It turned out to be a busy year. Research at CQT did not cool down after we cooled local atoms to the Bose-Einstein condensate level in 2009. Murray and his colleagues went on to trap ions and started playing with cavity quantum electrodynamics. Bjorn worked on his atom-chip experiment, and Christian kept tinkering with focusing light on individual atoms, with a great deal of success. Also on the experimental side, our newly appointed Principal Investigators were busy setting up their labs. Lorries arrived and, accompanied by the sound of drilling and hammering, more and more equipment was brought in. Throughout, theorists performed their usual pantomime in front of our whiteboards, arguing vehemently about the meaning of quantum theory, the nature of information and the like. They have produced some amazing results, to mention only the information causality paper. Adding to the activity was a stream of visitors, friends, colleagues, students and journalists flying in to spend time at CQT, uninterrupted even by the volcanic eruption in Iceland. Our coffee machine was pressurised to its limit, delivering endless espressos.
Taking time out from pushing optical benches, tuning lasers and writing academic papers, some of our scientists have honed their pedagogical skills by explaining quantum physics to the public at large. Vlatko’s popular book titled “Decoding Reality” has been very well received, Valerio and Kwek lectured at the local schools, and crowds were attracted to our demonstration of quantum entanglement in a shopping mall. Yes, in a shopping mall, for where else would you find crowds in Singapore? To be sure, much of what we do at CQT is far from simple. For us, secret communication is not about whispering messages into baked bean cans painted in pretty colours and connected with string, as we learnt to do as children. But even the most sophisticated quantum technology can be described in simple terms, and to this end our outreach team did an excellent job. Altogether, I believe, by a combination of good research and making quantum theory more accesible, we have demonstrated to the local taxpayers that their money is well spent.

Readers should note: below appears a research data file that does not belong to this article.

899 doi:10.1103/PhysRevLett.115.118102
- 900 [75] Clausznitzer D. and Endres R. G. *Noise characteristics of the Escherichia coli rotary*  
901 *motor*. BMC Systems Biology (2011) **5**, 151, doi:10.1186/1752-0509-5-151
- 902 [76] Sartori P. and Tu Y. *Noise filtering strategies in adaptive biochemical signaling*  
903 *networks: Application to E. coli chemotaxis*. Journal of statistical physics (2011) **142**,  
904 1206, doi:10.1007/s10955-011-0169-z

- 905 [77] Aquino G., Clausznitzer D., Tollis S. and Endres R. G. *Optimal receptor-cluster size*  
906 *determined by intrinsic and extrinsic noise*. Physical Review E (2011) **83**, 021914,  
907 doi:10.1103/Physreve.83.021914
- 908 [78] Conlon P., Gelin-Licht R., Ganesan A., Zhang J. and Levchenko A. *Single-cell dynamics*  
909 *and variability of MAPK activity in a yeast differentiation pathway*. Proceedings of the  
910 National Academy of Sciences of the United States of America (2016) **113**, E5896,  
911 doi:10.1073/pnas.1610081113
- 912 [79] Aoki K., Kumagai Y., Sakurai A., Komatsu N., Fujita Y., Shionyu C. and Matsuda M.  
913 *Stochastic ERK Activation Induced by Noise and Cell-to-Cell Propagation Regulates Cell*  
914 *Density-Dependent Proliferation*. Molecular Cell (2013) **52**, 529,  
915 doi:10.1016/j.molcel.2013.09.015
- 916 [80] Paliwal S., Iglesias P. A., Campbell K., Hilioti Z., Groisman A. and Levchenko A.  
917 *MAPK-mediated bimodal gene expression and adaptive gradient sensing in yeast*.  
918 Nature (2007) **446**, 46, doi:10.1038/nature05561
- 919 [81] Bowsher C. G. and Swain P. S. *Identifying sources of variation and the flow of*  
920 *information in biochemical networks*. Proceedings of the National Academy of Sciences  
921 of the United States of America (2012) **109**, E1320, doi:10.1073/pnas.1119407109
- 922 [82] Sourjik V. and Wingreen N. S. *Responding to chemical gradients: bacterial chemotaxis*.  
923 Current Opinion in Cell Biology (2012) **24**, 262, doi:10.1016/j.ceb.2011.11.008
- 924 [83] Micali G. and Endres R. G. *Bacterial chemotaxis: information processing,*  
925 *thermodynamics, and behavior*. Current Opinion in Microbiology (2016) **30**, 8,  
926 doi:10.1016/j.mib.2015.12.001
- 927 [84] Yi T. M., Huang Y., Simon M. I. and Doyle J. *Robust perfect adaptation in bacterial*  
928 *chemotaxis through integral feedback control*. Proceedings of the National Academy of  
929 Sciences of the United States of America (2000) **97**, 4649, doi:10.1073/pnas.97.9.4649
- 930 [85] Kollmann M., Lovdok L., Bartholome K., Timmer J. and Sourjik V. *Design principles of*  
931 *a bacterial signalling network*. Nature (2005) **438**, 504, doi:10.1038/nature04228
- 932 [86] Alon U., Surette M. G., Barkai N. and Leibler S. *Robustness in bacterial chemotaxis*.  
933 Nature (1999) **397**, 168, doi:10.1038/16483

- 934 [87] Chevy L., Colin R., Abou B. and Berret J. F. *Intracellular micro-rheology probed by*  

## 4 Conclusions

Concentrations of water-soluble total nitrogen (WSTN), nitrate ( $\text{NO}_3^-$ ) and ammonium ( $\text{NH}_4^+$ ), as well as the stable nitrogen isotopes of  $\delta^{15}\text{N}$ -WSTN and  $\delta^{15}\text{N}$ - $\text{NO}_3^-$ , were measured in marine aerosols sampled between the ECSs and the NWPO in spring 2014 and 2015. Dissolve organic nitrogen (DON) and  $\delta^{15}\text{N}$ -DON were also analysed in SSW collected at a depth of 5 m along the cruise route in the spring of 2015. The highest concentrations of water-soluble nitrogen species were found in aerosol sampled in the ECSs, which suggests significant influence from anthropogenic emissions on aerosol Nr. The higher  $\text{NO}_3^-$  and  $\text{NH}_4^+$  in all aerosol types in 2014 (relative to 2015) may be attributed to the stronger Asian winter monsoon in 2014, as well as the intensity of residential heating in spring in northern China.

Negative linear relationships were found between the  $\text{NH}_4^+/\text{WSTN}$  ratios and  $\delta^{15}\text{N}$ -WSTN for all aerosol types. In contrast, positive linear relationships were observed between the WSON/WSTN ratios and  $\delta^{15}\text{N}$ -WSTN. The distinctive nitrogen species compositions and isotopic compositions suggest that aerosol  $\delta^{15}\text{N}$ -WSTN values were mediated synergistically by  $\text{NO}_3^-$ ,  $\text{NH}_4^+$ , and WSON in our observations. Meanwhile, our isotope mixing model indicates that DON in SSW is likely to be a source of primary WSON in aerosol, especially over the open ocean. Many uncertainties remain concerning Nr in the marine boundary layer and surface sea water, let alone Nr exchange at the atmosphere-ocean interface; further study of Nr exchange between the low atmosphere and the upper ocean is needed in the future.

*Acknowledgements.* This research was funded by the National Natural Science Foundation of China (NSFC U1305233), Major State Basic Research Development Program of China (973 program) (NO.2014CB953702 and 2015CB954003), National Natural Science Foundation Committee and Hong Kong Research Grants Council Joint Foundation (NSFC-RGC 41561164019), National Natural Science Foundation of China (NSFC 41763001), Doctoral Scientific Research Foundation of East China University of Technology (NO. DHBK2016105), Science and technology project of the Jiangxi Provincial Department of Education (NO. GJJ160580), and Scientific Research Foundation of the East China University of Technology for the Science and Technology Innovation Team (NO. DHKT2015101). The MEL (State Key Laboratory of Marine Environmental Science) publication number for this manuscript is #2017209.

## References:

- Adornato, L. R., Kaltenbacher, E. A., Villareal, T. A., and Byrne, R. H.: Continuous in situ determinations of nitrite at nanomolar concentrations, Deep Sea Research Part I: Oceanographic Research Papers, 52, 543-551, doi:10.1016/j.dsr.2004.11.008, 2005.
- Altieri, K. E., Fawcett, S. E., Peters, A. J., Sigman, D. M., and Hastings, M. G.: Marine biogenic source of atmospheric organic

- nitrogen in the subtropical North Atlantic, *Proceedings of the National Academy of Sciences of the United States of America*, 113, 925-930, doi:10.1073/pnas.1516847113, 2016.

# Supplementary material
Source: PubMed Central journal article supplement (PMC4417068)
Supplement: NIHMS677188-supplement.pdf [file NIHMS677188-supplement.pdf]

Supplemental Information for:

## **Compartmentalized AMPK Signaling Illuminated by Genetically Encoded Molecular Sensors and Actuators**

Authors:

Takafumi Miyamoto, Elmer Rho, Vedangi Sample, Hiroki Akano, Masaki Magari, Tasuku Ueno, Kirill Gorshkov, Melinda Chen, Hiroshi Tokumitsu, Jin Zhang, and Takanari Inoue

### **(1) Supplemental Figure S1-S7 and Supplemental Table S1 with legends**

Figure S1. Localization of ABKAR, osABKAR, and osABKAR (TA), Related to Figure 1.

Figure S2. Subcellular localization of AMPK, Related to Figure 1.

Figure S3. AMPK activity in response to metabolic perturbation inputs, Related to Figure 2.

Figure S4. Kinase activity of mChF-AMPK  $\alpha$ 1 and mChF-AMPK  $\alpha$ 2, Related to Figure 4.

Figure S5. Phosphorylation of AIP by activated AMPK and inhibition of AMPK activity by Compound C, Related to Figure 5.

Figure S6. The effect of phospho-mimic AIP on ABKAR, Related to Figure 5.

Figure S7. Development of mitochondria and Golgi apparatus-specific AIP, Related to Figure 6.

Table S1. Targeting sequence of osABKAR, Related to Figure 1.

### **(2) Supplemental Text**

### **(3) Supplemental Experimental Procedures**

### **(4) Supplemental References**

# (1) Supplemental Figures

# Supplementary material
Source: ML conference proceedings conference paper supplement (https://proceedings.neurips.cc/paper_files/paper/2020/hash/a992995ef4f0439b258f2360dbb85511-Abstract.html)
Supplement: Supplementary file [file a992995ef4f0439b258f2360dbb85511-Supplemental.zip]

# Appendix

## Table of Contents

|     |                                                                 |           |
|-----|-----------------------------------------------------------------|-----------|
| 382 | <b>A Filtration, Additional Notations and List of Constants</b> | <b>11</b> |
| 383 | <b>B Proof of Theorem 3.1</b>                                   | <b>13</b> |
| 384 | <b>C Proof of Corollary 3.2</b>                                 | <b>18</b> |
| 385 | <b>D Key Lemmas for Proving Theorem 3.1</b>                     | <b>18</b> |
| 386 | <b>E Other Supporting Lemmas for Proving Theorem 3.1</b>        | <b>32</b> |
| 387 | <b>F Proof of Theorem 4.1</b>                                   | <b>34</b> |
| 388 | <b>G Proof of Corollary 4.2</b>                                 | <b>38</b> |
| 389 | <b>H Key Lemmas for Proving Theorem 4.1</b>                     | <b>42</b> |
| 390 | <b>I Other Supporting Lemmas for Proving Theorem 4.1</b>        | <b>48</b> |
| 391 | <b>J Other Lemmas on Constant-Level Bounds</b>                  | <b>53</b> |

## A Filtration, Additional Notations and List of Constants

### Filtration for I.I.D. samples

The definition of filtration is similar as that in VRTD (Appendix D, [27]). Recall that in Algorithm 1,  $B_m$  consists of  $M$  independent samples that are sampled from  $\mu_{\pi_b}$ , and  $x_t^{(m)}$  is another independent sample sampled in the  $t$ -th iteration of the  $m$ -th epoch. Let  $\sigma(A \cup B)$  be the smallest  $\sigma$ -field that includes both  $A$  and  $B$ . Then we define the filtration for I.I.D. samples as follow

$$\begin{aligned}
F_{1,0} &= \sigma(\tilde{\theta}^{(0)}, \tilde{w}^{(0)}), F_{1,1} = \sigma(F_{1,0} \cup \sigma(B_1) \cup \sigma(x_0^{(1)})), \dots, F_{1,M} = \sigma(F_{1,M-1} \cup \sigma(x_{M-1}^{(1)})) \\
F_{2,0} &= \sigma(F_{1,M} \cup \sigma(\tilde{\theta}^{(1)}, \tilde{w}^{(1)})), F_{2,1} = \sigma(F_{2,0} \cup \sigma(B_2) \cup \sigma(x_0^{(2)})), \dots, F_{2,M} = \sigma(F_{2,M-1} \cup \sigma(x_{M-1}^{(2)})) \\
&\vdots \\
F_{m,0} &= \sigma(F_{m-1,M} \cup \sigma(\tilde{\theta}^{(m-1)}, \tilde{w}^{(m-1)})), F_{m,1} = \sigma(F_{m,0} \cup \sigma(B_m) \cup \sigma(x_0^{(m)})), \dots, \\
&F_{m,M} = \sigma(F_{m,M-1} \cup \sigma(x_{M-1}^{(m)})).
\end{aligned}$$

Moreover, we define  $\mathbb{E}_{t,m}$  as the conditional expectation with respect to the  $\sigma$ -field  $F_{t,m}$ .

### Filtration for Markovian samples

Artur Ekert is CQT's founding Director. He is also the Lee Kong Chian Centennial Professor at the National University of Singapore and the Professor of Quantum Physics at the Mathematical Institute, University of Oxford, UK. He is one of the pioneers of quantum cryptography. He has worked, communicated with and advised several companies and government agencies.
His current research extends over most aspects of information processing in quantum-mechanical systems. He is a recipient of several awards, including the 1995 Maxwell Medal and Prize by the Institute of Physics and the 2007 Royal Society Hughes Medal. In his non-academic life he is an avid scuba diver.